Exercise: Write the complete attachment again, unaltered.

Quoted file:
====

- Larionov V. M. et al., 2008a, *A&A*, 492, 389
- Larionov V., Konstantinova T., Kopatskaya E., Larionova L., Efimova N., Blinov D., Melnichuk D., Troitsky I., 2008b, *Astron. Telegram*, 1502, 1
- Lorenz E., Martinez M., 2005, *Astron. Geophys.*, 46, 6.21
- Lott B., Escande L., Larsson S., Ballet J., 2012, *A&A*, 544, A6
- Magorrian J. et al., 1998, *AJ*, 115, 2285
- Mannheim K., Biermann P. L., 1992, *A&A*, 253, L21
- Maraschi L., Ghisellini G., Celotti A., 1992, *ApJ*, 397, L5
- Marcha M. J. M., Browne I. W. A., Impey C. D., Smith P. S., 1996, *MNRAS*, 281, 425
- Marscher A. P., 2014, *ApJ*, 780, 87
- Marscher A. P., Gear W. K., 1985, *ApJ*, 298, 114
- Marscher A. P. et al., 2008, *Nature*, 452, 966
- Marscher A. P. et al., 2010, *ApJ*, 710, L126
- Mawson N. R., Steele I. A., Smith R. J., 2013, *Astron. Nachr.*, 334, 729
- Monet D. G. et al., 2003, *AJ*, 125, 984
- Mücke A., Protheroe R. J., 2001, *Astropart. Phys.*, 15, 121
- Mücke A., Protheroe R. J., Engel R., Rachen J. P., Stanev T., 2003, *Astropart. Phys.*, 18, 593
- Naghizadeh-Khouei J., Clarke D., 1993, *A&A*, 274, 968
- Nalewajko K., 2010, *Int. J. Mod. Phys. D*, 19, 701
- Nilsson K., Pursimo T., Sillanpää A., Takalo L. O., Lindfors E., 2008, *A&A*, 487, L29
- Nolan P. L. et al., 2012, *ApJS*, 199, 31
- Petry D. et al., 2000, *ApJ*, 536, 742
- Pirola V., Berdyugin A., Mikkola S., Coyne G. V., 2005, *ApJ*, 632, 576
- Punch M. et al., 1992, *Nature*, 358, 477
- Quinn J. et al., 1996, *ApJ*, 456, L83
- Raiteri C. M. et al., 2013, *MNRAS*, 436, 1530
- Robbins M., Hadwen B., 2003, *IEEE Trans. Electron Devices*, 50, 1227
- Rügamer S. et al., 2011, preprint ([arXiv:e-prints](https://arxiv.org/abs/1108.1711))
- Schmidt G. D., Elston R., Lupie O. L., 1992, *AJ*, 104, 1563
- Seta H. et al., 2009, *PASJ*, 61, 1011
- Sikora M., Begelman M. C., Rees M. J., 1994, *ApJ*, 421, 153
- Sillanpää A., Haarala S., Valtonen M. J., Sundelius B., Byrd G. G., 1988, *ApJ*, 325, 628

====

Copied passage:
- Larionov V. M. et al., 2008a, *A&A*, 492, 389
- Larionov V., Konstantinova T., Kopatskaya E., Larionova L., Efimova N., Blinov D., Melnichuk D., Troitsky I., 2008b, *Astron. Telegram*, 1502, 1
- Lorenz E., Martinez M., 2005, *Astron. Geophys.*, 46, 6.21
- Lott B., Escande L., Larsson S., Ballet J., 2012, *A&A*, 544, A6
- Magorrian J. et al., 1998, *AJ*, 115, 2285
- Mannheim K., Biermann P. L., 1992, *A&A*, 253, L21
- Maraschi L., Ghisellini G., Celotti A., 1992, *ApJ*, 397, L5
- Marcha M. J. M., Browne I. W. A., Impey C. D., Smith P. S., 1996, *MNRAS*, 281, 425
- Marscher A. P., 2014, *ApJ*, 780, 87
- Marscher A. P., Gear W. K., 1985, *ApJ*, 298, 114
- Marscher A. P. et al., 2008, *Nature*, 452, 966
- Marscher A. P. et al., 2010, *ApJ*, 710, L126
- Mawson N. R., Steele I. A., Smith R. J., 2013, *Astron. Nachr.*, 334, 729
- Monet D. G. et al., 2003, *AJ*, 125, 984
- Mücke A., Protheroe R. J., 2001, *Astropart. Phys.*, 15, 121
- Mücke A., Protheroe R. J., Engel R., Rachen J. P., Stanev T., 2003, *Astropart. Phys.*, 18, 593
- Naghizadeh-Khouei J., Clarke D., 1993, *A&A*, 274, 968
- Nalewajko K., 2010, *Int. J. Mod. Phys. D*, 19, 701
- Nilsson K., Pursimo T., Sillanpää A., Takalo L. O., Lindfors E., 2008, *A&A*, 487, L29
- Nolan P. L. et al., 2012, *ApJS*, 199, 31
- Petry D. et al., 2000, *ApJ*, 536, 742
- Pirola V., Berdyugin A., Mikkola S., Coyne G. V., 2005, *ApJ*, 632, 576
- Punch M. et al., 1992, *Nature*, 358, 477
- Quinn J. et al., 1996, *ApJ*, 456, L83
- Raiteri C. M. et al., 2013, *MNRAS*, 436, 1530
- Robbins M., Hadwen B., 2003, *IEEE Trans. Electron Devices*, 50, 1227
- Rügamer S. et al., 2011, preprint ([arXiv:e-prints](https://arxiv.org/abs/1108.1711))
- Schmidt G. D., Elston R., Lupie O. L., 1992, *AJ*, 104, 1563
- Seta H. et al., 2009, *PASJ*, 61, 1011
- Sikora M., Begelman M. C., Rees M. J., 1994, *ApJ*, 421, 153
- Sillanpää A., Haarala S., Valtonen M. J., Sundelius B., Byrd G. G., 1988, *ApJ*, 325, 628